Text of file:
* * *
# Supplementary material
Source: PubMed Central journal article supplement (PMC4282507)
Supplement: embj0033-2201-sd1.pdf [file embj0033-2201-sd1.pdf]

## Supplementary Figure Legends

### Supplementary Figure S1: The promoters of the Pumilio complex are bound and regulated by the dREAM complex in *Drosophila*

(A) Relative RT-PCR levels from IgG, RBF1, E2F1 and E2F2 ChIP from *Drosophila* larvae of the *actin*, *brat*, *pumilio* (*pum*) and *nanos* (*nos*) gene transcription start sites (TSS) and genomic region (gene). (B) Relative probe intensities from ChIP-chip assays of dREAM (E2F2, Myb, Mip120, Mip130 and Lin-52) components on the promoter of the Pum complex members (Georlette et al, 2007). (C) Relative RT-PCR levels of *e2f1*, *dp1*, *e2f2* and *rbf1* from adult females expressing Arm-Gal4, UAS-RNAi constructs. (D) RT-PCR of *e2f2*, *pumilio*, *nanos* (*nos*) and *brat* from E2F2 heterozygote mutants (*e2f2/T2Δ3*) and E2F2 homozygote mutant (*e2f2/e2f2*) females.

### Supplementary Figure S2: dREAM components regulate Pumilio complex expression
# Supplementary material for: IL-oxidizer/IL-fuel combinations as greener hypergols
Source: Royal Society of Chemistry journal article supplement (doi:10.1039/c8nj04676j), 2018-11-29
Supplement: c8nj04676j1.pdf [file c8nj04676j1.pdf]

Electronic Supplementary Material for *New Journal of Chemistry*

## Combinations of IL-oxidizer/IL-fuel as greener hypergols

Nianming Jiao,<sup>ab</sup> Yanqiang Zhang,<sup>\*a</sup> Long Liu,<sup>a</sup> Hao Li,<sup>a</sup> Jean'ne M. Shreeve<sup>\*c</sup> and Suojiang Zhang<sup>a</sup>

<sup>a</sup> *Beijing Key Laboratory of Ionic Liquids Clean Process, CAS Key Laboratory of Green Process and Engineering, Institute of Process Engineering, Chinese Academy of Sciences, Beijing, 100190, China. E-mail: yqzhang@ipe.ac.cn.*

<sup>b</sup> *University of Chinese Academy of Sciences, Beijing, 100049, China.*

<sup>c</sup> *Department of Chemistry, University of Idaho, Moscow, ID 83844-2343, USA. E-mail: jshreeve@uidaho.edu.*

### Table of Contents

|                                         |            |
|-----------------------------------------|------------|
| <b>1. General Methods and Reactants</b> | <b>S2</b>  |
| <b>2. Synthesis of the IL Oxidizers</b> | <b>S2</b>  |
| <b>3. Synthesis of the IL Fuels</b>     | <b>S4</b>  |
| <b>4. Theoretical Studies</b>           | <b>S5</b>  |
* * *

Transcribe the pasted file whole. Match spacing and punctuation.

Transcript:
# Supplementary material
Source: PubMed Central journal article supplement (PMC4282507)
Supplement: embj0033-2201-sd1.pdf [file embj0033-2201-sd1.pdf]

## Supplementary Figure Legends

### Supplementary Figure S1: The promoters of the Pumilio complex are bound and regulated by the dREAM complex in *Drosophila*

(A) Relative RT-PCR levels from IgG, RBF1, E2F1 and E2F2 ChIP from *Drosophila* larvae of the *actin*, *brat*, *pumilio* (*pum*) and *nanos* (*nos*) gene transcription start sites (TSS) and genomic region (gene). (B) Relative probe intensities from ChIP-chip assays of dREAM (E2F2, Myb, Mip120, Mip130 and Lin-52) components on the promoter of the Pum complex members (Georlette et al, 2007). (C) Relative RT-PCR levels of *e2f1*, *dp1*, *e2f2* and *rbf1* from adult females expressing Arm-Gal4, UAS-RNAi constructs. (D) RT-PCR of *e2f2*, *pumilio*, *nanos* (*nos*) and *brat* from E2F2 heterozygote mutants (*e2f2/T2Δ3*) and E2F2 homozygote mutant (*e2f2/e2f2*) females.

### Supplementary Figure S2: dREAM components regulate Pumilio complex expression
# Supplementary material for: IL-oxidizer/IL-fuel combinations as greener hypergols
Source: Royal Society of Chemistry journal article supplement (doi:10.1039/c8nj04676j), 2018-11-29
Supplement: c8nj04676j1.pdf [file c8nj04676j1.pdf]

Electronic Supplementary Material for *New Journal of Chemistry*

## Combinations of IL-oxidizer/IL-fuel as greener hypergols

Nianming Jiao,<sup>ab</sup> Yanqiang Zhang,<sup>\*a</sup> Long Liu,<sup>a</sup> Hao Li,<sup>a</sup> Jean'ne M. Shreeve<sup>\*c</sup> and Suojiang Zhang<sup>a</sup>

<sup>a</sup> *Beijing Key Laboratory of Ionic Liquids Clean Process, CAS Key Laboratory of Green Process and Engineering, Institute of Process Engineering, Chinese Academy of Sciences, Beijing, 100190, China. E-mail: yqzhang@ipe.ac.cn.*

<sup>b</sup> *University of Chinese Academy of Sciences, Beijing, 100049, China.*

<sup>c</sup> *Department of Chemistry, University of Idaho, Moscow, ID 83844-2343, USA. E-mail: jshreeve@uidaho.edu.*

### Table of Contents

|                                         |            |
|-----------------------------------------|------------|
| <b>1. General Methods and Reactants</b> | <b>S2</b>  |
| <b>2. Synthesis of the IL Oxidizers</b> | <b>S2</b>  |
| <b>3. Synthesis of the IL Fuels</b>     | <b>S4</b>  |
| <b>4. Theoretical Studies</b>           | <b>S5</b>  |